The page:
By Matt Walker
December 3, 2022
Confidentiality is central to an attorney’s professional relationship with their clients. When representing an individual, there is little doubt as to whom the confidentiality is owed. However, this is not always the case when representing a business entity. Especially when a business entity is newly formed or in the process of being formed, there can be ambiguity in terms of the authorized agents with whom an attorney may confer.
As per the Massachusetts Rules of Professional Conduct, Rule 1.13 (a) “a lawyer employed or retained by an organization represents the organization acting through its duly authorized constituents.” (Note 1) While this may seem simple when representing well-established businesses, issues can more easily arise with new business entities. Typically, this type of relationship begins with an individual as the attorney’s client, but transitions to the business entity as the client after the entity has been formed.
At UMass Law’s Community Development Clinic, we are frequently presented with clients looking to start new business entities and are therefore confronted with the issue of authorized agents quite often. Normally this isn’t an issue with new entities as they are typically sole proprietorships already in existence or entrepreneurs looking to incorporate as non-profits or C-corporations. Occasionally, we are approached by multiple individuals working on one project. Though it happens rarely, disputes over control of a new organization do happen in these situations.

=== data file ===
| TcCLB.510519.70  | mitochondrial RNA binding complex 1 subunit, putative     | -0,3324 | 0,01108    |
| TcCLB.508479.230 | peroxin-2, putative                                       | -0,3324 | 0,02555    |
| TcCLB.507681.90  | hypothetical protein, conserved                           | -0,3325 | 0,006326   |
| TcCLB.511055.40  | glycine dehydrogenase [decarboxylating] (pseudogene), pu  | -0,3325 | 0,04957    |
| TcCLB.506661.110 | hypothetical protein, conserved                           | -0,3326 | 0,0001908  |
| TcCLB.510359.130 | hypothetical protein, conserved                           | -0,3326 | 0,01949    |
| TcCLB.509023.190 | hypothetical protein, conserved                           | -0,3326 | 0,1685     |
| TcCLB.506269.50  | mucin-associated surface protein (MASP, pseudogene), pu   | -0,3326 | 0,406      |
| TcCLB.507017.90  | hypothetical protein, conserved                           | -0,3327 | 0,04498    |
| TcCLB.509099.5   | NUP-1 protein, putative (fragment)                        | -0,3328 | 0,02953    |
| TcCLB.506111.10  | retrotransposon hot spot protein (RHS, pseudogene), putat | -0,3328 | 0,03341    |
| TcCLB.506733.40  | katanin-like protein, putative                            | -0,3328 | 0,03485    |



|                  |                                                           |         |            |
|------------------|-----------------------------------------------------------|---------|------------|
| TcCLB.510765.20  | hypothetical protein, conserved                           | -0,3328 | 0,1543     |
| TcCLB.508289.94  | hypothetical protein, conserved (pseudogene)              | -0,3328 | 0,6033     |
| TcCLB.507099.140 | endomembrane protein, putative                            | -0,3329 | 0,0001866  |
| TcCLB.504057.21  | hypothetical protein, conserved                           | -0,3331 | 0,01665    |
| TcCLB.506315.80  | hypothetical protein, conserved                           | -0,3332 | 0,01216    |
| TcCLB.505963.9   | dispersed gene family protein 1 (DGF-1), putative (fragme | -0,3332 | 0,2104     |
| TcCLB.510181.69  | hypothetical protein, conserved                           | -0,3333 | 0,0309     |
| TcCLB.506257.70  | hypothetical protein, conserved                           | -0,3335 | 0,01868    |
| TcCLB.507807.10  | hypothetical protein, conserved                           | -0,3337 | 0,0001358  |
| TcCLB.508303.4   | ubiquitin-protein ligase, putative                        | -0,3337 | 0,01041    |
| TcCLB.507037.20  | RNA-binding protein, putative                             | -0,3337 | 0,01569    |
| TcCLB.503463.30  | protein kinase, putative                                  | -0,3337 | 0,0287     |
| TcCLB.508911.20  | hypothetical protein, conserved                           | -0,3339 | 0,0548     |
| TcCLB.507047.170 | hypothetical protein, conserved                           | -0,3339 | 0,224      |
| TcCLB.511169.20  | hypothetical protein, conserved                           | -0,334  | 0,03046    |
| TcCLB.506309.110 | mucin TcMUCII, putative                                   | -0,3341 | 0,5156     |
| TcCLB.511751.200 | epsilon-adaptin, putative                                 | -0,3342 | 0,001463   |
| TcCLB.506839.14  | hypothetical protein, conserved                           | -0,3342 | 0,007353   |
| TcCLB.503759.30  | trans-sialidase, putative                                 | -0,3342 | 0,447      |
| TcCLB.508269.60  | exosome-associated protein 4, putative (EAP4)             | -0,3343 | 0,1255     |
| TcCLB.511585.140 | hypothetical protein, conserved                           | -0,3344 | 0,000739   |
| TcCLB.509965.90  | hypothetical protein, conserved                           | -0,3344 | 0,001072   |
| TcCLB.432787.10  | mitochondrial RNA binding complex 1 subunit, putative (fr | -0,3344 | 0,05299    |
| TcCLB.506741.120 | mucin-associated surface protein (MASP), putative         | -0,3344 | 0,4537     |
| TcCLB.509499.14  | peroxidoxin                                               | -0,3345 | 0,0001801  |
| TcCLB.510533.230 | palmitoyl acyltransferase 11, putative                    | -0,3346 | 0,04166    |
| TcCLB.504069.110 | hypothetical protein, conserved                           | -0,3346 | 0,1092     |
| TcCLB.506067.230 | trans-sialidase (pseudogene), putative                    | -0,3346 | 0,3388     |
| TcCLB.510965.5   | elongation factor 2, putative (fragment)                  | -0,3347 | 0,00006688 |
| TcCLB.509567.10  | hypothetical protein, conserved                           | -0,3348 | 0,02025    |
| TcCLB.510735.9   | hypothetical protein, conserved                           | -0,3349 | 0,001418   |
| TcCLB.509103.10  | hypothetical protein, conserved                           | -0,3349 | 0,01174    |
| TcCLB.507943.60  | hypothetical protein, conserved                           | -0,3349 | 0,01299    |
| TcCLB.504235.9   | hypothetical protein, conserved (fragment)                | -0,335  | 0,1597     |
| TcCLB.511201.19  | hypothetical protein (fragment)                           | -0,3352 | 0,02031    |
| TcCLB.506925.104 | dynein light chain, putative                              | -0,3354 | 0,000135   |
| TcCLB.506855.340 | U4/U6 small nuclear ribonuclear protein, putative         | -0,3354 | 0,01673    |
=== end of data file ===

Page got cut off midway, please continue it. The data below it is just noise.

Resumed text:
Prior to formally incorporating a business entity, we are representatives of the individuals who come to our clinic. Once we have incorporated their entity, we transition to representatives of the organization rather than the individuals themselves. It is most difficult to determine who we may speak with in a situation where an entity has been formally incorporated before reaching out to the clinic, but where infighting has persisted. In such a situation, to maintain confidentiality, we are forced to look to the board of directors and officers of the organization, regardless of who has approached us on the organization’s behalf.
In one particular instance, we were faced with an organization that had two members claiming to be the organization’s sole representative, neither of whom had any paperwork to prove that the organization was even incorporated. Luckily, we were able to find the organization’s legal name and find its board of directors and officers on the Secretary of the Commonwealth of Massachusetts’ website. We found that both individuals were members of the board of directors which put to rest our fears of having to work with one person over the other, which we knew would cause even more in-fighting.
The project gave us some experience in mediation, and by the end of our semester both individuals cooperated to install one as the new president of the organization while the other chose to leave the organization and pursue a new career. This type of issue is a prime example of how this rule of professional conduct operates in a legal practice and how attorneys can find themselves constrained by confidentiality from the onset of a client’s legal representation.
Note 1. https://www.mass.gov/supreme-judicial-court-rules/rules-of-professional-conduct-rule-113-organization-as-client#-a-